Kin Cheung / AP
26-foot-tall sculpture commemorating victims of the 1989 Tiananmen Square massacre should be removed of the University of Hong Kong campus in what activists see as the latest sign of Beijing’s suppression of freedom from the territory.
The university on Wednesday set a deadline for the Hong Kong Alliance in Support of China’s Democratic Patriotic Movements – an activist group that was forced to disband last month – to remove the memorial. Representatives of the now-defunct group have requested more time, due to a typhoon that has hit the territory in recent days, but it is not clear whether the extension would be granted. Wednesday evening local time, the memorial appears to be staying at the university.
In a letter, the university insisted that if the sculpture is not removed by 5 p.m. on October 13, “it will be considered abandoned.”
Speaking this year at a ceremony on June 4 in which students wash the sculpture, a student activist told reporters: “We hope to stand up for historical truth as our freedom of speech is dwindling.”
The structure, known as the Pillar of Shame, is the work of Danish artist Jens Galschiot. Unveiled in 1997, it represents about fifty anguished and intertwined bodies which rise from the ground in a narrow pyramid. It is believed to be the only large memorial to the massacre still standing on Chinese soil. On June 4, 1989, People’s Liberation Army soldiers brutally evacuated pro-democracy protesters from Tiananmen Square in Beijing. Estimates of the number of fatalities range from hundreds to thousands.
Galschiot, the artist, called the sculpture’s removal an “attack on art”. He says the job was technically on an indefinite loan from him. He says he is discussing with Danish politicians the possibility of bringing him back to his home country. He also said he could end up elsewhere in Europe, Taiwan or the United States.
“It will take a long time to move the sculpture,” he said in a statement on Saturday. “It is an extremely valuable work of art, which after 24 years is probably a bit fragile. Therefore, there is a great possibility that the work of art will suffer irreparable damage if handled by others. as art experts. ” He warned the university that it “risked incurring a compensation claim” if the artwork was damaged.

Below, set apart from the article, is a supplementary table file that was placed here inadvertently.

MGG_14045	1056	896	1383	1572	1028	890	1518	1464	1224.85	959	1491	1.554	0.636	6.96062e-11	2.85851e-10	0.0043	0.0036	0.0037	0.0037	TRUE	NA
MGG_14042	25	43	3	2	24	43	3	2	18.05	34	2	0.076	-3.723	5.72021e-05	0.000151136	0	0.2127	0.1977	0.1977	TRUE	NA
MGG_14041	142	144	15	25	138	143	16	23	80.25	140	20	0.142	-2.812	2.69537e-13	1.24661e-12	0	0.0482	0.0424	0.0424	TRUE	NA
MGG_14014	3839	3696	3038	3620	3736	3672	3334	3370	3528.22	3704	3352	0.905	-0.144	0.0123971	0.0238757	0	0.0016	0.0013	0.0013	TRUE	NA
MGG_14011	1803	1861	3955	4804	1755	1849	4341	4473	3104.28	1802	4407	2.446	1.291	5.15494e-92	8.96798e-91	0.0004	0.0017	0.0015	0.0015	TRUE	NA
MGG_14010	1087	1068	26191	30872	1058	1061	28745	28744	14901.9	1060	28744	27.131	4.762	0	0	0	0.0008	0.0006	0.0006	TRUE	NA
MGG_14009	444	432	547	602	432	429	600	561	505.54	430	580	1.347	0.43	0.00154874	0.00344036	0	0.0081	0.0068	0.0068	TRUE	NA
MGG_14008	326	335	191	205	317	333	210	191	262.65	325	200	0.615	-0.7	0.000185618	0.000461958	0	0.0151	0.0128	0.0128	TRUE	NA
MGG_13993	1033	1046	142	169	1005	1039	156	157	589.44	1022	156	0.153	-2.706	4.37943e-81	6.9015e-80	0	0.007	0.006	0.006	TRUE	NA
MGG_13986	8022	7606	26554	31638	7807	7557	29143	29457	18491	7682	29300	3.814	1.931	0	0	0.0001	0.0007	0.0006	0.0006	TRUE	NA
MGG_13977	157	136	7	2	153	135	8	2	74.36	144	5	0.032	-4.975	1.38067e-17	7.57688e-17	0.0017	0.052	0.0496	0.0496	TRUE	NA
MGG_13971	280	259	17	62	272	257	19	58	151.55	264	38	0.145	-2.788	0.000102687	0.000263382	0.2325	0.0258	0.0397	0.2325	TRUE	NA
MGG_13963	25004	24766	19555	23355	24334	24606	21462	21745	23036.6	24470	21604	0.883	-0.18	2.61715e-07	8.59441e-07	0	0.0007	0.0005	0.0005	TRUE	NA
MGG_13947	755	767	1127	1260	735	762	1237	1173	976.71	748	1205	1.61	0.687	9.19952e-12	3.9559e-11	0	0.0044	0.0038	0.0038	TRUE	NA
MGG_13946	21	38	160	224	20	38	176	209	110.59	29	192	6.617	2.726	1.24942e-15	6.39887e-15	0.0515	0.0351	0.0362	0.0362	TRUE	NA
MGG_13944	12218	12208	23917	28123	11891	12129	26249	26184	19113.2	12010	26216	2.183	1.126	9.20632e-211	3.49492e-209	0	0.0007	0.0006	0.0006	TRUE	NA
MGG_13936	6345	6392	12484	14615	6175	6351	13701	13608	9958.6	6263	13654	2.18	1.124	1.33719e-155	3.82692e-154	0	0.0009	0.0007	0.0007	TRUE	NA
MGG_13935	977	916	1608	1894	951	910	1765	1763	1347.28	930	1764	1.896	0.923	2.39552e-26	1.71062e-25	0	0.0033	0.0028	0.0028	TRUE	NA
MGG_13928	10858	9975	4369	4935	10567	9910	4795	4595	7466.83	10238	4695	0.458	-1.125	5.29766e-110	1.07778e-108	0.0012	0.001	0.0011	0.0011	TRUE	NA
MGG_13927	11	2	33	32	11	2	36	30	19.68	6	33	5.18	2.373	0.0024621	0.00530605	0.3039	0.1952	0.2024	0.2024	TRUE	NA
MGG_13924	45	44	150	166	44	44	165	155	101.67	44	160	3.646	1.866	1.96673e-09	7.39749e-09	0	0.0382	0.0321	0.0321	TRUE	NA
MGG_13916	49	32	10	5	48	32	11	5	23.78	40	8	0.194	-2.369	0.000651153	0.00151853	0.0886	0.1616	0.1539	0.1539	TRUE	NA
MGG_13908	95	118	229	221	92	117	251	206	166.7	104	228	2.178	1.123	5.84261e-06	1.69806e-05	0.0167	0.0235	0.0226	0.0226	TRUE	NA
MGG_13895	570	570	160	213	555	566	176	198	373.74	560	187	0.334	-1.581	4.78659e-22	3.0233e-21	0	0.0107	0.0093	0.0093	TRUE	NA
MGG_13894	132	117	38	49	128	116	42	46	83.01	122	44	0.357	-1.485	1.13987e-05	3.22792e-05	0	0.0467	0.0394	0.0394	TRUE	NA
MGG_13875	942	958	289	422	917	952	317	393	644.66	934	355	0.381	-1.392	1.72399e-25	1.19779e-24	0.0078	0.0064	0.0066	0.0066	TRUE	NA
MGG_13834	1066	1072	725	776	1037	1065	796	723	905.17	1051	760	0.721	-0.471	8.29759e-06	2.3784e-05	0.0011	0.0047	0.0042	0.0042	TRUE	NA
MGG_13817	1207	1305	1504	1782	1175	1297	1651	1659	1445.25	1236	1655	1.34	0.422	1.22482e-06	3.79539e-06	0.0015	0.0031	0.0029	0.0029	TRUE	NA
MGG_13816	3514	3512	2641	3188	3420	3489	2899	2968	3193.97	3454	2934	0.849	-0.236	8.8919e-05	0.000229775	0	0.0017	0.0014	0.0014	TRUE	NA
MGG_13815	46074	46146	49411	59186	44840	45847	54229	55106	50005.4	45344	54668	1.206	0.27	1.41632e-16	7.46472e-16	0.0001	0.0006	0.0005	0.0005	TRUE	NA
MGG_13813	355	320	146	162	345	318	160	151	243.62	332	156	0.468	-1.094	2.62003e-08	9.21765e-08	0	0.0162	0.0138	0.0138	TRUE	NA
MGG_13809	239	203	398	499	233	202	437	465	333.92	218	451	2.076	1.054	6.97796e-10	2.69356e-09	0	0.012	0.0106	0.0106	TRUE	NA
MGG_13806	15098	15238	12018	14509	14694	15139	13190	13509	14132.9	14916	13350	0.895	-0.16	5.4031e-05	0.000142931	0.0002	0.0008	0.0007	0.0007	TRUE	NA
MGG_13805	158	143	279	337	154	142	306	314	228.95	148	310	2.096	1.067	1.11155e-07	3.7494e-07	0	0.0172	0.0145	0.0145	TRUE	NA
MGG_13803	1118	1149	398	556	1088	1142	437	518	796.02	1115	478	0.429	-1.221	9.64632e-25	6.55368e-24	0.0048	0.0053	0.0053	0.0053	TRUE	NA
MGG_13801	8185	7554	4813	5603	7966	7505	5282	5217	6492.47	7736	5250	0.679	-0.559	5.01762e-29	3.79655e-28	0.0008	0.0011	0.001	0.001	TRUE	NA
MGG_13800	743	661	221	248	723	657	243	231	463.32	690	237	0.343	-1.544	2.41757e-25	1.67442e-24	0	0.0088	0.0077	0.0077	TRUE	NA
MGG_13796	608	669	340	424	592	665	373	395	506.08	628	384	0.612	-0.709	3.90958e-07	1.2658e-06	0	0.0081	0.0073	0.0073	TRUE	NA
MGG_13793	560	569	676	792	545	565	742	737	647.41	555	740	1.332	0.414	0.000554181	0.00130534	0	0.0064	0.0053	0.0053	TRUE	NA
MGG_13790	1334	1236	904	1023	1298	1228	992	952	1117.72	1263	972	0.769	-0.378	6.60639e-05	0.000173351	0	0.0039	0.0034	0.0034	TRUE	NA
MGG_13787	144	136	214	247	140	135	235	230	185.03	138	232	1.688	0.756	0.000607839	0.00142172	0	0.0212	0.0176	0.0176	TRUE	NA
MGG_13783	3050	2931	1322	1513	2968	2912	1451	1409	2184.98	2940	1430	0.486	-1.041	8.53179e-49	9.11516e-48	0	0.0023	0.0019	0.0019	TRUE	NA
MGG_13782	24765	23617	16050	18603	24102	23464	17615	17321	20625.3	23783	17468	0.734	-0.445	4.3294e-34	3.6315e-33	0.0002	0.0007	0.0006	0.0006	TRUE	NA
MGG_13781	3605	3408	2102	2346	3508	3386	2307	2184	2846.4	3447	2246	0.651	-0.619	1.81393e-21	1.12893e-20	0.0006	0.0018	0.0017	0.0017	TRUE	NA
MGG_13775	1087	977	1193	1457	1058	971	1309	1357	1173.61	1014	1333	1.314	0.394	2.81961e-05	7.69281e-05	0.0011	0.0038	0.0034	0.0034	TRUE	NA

In its legal quest to have the artwork removed, the university turned to the law firm Mayer Brown. The firm told the Hong Kong Free Press it was retained “as an outside lawyer [to] help our customers understand and comply with applicable law. “
“We have been asked to provide specific service on a real estate issue to our long-time client, the University of Hong Kong,” the firm said. “Our legal advice is not intended to be commentary on current or historical events.”
The order to pick up the sculpture follows a series of moves by Beijing to take more firmly control of Hong Kong, a former British colony that was returned to China in 1997 as part of a deal intended to secure that the territory would enjoy a certain autonomy and that fundamental freedoms would be guaranteed.
Last year, a series of massive protests erupted in Hong Kong against a bill to extradite residents of the territory to mainland China on certain high-level criminal cases. The law went into effect anyway. Beijing has also used the new strict National Security Law to end dissent in the territory and sought to purge pro-democracy lawmakers from the Hong Kong legislature.
A museum documenting the Tiananmen Square massacre has also been closed, and an annual vigil in Hong Kong to remember the June 4 victims has been banned and its organizers arrested.